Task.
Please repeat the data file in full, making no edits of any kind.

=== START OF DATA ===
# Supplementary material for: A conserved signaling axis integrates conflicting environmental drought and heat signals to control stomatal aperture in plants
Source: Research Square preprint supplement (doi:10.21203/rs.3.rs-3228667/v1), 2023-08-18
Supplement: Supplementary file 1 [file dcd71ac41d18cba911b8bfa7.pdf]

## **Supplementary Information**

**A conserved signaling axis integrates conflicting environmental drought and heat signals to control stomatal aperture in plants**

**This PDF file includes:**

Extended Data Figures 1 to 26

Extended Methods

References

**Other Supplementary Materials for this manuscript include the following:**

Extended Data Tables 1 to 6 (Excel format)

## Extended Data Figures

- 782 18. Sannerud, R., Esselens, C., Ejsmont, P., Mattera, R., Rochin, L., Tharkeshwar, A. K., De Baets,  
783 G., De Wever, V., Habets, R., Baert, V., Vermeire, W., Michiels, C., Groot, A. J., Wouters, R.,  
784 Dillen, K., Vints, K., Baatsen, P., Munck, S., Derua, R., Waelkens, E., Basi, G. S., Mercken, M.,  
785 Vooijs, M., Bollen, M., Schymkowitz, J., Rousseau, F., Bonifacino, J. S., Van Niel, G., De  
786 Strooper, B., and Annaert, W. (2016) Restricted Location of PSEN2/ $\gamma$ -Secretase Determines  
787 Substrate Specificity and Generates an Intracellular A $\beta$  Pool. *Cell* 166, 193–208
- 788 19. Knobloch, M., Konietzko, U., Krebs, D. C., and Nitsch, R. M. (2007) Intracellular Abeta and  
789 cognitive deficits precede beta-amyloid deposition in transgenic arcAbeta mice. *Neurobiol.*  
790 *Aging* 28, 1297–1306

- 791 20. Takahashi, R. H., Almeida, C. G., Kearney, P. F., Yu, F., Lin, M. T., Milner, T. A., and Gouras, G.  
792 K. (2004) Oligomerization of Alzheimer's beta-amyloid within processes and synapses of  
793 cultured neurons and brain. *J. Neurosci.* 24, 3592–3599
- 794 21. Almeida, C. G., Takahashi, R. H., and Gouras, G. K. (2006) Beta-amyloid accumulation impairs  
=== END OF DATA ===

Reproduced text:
# Supplementary material for: A conserved signaling axis integrates conflicting environmental drought and heat signals to control stomatal aperture in plants
Source: Research Square preprint supplement (doi:10.21203/rs.3.rs-3228667/v1), 2023-08-18
Supplement: Supplementary file 1 [file dcd71ac41d18cba911b8bfa7.pdf]

## **Supplementary Information**

**A conserved signaling axis integrates conflicting environmental drought and heat signals to control stomatal aperture in plants**

**This PDF file includes:**

Extended Data Figures 1 to 26

Extended Methods

References

**Other Supplementary Materials for this manuscript include the following:**

Extended Data Tables 1 to 6 (Excel format)

## Extended Data Figures

- 782 18. Sannerud, R., Esselens, C., Ejsmont, P., Mattera, R., Rochin, L., Tharkeshwar, A. K., De Baets,  
783 G., De Wever, V., Habets, R., Baert, V., Vermeire, W., Michiels, C., Groot, A. J., Wouters, R.,  
784 Dillen, K., Vints, K., Baatsen, P., Munck, S., Derua, R., Waelkens, E., Basi, G. S., Mercken, M.,  
785 Vooijs, M., Bollen, M., Schymkowitz, J., Rousseau, F., Bonifacino, J. S., Van Niel, G., De  
786 Strooper, B., and Annaert, W. (2016) Restricted Location of PSEN2/ $\gamma$ -Secretase Determines  
787 Substrate Specificity and Generates an Intracellular A $\beta$  Pool. *Cell* 166, 193–208
- 788 19. Knobloch, M., Konietzko, U., Krebs, D. C., and Nitsch, R. M. (2007) Intracellular Abeta and  
789 cognitive deficits precede beta-amyloid deposition in transgenic arcAbeta mice. *Neurobiol.*  
790 *Aging* 28, 1297–1306

- 791 20. Takahashi, R. H., Almeida, C. G., Kearney, P. F., Yu, F., Lin, M. T., Milner, T. A., and Gouras, G.  
792 K. (2004) Oligomerization of Alzheimer's beta-amyloid within processes and synapses of  
793 cultured neurons and brain. *J. Neurosci.* 24, 3592–3599
- 794 21. Almeida, C. G., Takahashi, R. H., and Gouras, G. K. (2006) Beta-amyloid accumulation impairs  